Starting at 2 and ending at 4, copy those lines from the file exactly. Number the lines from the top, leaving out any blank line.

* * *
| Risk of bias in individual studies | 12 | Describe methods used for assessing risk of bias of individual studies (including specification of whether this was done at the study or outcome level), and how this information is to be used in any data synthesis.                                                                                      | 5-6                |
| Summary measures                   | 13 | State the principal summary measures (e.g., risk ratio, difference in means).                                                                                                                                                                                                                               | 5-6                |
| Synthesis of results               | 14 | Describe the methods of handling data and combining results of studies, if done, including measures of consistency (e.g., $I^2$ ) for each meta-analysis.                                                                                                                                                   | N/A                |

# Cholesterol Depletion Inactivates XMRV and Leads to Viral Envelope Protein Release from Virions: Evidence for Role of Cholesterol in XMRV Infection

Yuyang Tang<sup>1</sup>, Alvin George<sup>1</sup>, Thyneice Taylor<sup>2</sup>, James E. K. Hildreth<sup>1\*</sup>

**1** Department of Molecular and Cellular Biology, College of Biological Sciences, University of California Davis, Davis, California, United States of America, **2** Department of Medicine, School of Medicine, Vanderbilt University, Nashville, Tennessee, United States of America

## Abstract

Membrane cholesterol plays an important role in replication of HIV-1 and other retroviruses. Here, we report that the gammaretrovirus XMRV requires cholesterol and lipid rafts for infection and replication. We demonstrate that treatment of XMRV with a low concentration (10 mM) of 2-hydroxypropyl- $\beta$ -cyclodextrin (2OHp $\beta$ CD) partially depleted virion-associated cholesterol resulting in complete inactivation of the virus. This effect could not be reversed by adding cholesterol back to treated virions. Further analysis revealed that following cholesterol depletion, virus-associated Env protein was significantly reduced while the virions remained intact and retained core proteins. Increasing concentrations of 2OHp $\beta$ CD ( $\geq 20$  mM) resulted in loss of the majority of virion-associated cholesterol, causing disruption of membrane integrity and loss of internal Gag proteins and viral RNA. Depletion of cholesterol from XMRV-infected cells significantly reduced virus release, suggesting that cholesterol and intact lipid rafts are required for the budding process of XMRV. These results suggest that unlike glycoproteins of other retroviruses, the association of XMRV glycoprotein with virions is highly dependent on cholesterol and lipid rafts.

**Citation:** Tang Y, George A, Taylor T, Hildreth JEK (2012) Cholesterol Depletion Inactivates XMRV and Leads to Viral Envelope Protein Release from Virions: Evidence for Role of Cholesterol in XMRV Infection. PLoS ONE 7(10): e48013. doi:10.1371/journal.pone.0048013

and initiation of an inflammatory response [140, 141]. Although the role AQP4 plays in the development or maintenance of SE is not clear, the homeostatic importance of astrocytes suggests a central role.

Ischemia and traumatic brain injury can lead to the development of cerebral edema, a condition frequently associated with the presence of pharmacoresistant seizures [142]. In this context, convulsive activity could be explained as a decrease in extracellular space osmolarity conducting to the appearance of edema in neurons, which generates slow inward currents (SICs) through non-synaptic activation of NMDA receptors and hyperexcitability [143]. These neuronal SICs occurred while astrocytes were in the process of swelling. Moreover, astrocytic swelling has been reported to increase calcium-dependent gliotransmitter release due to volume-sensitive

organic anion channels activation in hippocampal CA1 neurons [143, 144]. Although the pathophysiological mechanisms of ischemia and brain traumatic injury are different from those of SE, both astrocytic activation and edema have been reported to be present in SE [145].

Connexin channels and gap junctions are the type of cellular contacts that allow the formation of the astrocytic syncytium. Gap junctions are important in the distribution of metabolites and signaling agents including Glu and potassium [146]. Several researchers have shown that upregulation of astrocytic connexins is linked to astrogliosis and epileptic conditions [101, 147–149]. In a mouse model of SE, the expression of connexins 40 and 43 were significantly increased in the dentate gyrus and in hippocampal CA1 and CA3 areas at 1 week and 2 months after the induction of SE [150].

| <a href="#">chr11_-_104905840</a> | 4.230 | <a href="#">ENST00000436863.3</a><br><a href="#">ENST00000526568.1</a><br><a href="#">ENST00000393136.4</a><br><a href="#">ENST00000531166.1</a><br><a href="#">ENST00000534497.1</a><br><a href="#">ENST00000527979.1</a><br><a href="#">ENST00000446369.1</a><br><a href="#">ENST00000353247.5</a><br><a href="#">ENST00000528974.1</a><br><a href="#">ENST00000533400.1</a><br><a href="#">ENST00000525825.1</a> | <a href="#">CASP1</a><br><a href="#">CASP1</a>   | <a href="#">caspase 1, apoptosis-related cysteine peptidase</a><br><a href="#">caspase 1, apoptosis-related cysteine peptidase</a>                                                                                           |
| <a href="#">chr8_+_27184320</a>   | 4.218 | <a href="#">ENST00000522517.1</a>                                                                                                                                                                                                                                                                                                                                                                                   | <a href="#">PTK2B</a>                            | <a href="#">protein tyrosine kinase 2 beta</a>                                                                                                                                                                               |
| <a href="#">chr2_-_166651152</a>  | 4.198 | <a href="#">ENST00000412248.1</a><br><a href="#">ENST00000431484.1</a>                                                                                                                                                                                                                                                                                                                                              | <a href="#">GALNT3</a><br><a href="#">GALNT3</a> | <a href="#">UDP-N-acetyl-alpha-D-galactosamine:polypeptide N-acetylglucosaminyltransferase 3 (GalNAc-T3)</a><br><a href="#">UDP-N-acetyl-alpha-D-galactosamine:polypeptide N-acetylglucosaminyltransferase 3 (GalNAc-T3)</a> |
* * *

| Summary measures                   | 13 | State the principal summary measures (e.g., risk ratio, difference in means).                                                                                                                                                                                                                               | 5-6                |
| Synthesis of results               | 14 | Describe the methods of handling data and combining results of studies, if done, including measures of consistency (e.g., $I^2$ ) for each meta-analysis.                                                                                                                                                   | N/A                |

# Cholesterol Depletion Inactivates XMRV and Leads to Viral Envelope Protein Release from Virions: Evidence for Role of Cholesterol in XMRV Infection